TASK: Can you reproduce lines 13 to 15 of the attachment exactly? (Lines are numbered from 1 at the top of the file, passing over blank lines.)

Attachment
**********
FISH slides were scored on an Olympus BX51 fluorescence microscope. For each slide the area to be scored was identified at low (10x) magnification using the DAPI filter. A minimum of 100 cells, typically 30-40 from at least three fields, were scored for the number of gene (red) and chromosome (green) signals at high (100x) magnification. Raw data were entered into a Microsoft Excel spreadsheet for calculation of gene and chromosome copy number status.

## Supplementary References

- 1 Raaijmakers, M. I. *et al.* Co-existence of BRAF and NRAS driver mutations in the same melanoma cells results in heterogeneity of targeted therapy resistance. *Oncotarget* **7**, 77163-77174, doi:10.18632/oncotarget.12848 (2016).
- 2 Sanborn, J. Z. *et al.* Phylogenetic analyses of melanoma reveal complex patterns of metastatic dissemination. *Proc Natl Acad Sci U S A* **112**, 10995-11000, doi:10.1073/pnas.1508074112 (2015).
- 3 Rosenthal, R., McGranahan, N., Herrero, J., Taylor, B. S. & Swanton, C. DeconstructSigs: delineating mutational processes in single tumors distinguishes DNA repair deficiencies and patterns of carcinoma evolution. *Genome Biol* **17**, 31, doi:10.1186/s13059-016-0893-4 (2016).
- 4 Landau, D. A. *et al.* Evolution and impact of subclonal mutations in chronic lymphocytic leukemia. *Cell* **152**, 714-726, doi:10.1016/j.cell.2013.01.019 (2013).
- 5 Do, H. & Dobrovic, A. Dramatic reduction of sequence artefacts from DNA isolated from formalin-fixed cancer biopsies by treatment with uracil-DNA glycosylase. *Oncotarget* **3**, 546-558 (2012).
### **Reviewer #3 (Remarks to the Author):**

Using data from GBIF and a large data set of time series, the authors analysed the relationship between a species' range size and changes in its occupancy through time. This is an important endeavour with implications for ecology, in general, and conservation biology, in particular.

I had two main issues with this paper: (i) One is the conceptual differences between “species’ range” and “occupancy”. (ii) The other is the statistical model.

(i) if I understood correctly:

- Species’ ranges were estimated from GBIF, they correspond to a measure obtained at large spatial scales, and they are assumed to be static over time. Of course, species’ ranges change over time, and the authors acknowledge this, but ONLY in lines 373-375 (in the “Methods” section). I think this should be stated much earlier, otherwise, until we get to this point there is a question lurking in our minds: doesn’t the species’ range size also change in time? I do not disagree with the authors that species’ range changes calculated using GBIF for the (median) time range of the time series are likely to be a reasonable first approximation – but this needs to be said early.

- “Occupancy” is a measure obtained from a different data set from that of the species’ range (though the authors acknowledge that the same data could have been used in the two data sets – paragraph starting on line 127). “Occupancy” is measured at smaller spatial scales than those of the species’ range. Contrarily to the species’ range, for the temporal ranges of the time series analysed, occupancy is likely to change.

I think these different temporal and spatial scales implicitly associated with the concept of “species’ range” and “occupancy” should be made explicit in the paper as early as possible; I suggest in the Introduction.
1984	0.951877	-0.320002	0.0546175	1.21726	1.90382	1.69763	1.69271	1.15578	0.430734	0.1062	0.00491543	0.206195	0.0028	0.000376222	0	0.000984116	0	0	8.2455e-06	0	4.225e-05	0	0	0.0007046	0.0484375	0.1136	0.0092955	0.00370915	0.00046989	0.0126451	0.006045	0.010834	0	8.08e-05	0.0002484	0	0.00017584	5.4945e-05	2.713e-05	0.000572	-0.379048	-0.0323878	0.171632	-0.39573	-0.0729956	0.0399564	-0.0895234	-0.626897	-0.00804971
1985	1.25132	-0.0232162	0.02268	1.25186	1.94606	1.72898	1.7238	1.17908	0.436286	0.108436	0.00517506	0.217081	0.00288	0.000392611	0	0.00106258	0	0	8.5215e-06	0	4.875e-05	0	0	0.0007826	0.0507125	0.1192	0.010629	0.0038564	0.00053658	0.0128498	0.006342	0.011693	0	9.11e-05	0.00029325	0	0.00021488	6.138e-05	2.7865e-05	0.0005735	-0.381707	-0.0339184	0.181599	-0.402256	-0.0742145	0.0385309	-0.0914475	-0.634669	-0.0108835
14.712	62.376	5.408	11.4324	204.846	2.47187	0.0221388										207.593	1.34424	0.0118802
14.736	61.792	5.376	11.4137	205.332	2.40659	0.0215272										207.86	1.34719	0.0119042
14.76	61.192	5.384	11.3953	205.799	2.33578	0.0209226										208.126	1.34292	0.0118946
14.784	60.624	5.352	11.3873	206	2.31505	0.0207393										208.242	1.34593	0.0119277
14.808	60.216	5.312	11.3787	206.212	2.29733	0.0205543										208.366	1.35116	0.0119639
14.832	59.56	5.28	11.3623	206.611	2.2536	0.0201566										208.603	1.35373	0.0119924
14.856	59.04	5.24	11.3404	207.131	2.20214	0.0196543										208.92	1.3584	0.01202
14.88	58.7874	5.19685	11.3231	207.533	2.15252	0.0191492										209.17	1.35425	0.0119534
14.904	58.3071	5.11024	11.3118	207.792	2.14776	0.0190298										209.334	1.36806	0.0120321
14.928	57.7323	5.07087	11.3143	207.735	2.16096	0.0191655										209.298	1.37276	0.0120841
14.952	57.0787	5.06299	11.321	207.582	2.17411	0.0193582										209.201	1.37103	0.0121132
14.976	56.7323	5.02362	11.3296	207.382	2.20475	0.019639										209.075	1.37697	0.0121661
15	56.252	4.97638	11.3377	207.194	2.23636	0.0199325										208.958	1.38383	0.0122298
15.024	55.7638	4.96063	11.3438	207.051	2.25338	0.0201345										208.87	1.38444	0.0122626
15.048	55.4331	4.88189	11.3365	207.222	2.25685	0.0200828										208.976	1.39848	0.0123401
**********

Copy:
- “Occupancy” is a measure obtained from a different data set from that of the species’ range (though the authors acknowledge that the same data could have been used in the two data sets – paragraph starting on line 127). “Occupancy” is measured at smaller spatial scales than those of the species’ range. Contrarily to the species’ range, for the temporal ranges of the time series analysed, occupancy is likely to change.

I think these different temporal and spatial scales implicitly associated with the concept of “species’ range” and “occupancy” should be made explicit in the paper as early as possible; I suggest in the Introduction.
1984	0.951877	-0.320002	0.0546175	1.21726	1.90382	1.69763	1.69271	1.15578	0.430734	0.1062	0.00491543	0.206195	0.0028	0.000376222	0	0.000984116	0	0	8.2455e-06	0	4.225e-05	0	0	0.0007046	0.0484375	0.1136	0.0092955	0.00370915	0.00046989	0.0126451	0.006045	0.010834	0	8.08e-05	0.0002484	0	0.00017584	5.4945e-05	2.713e-05	0.000572	-0.379048	-0.0323878	0.171632	-0.39573	-0.0729956	0.0399564	-0.0895234	-0.626897	-0.00804971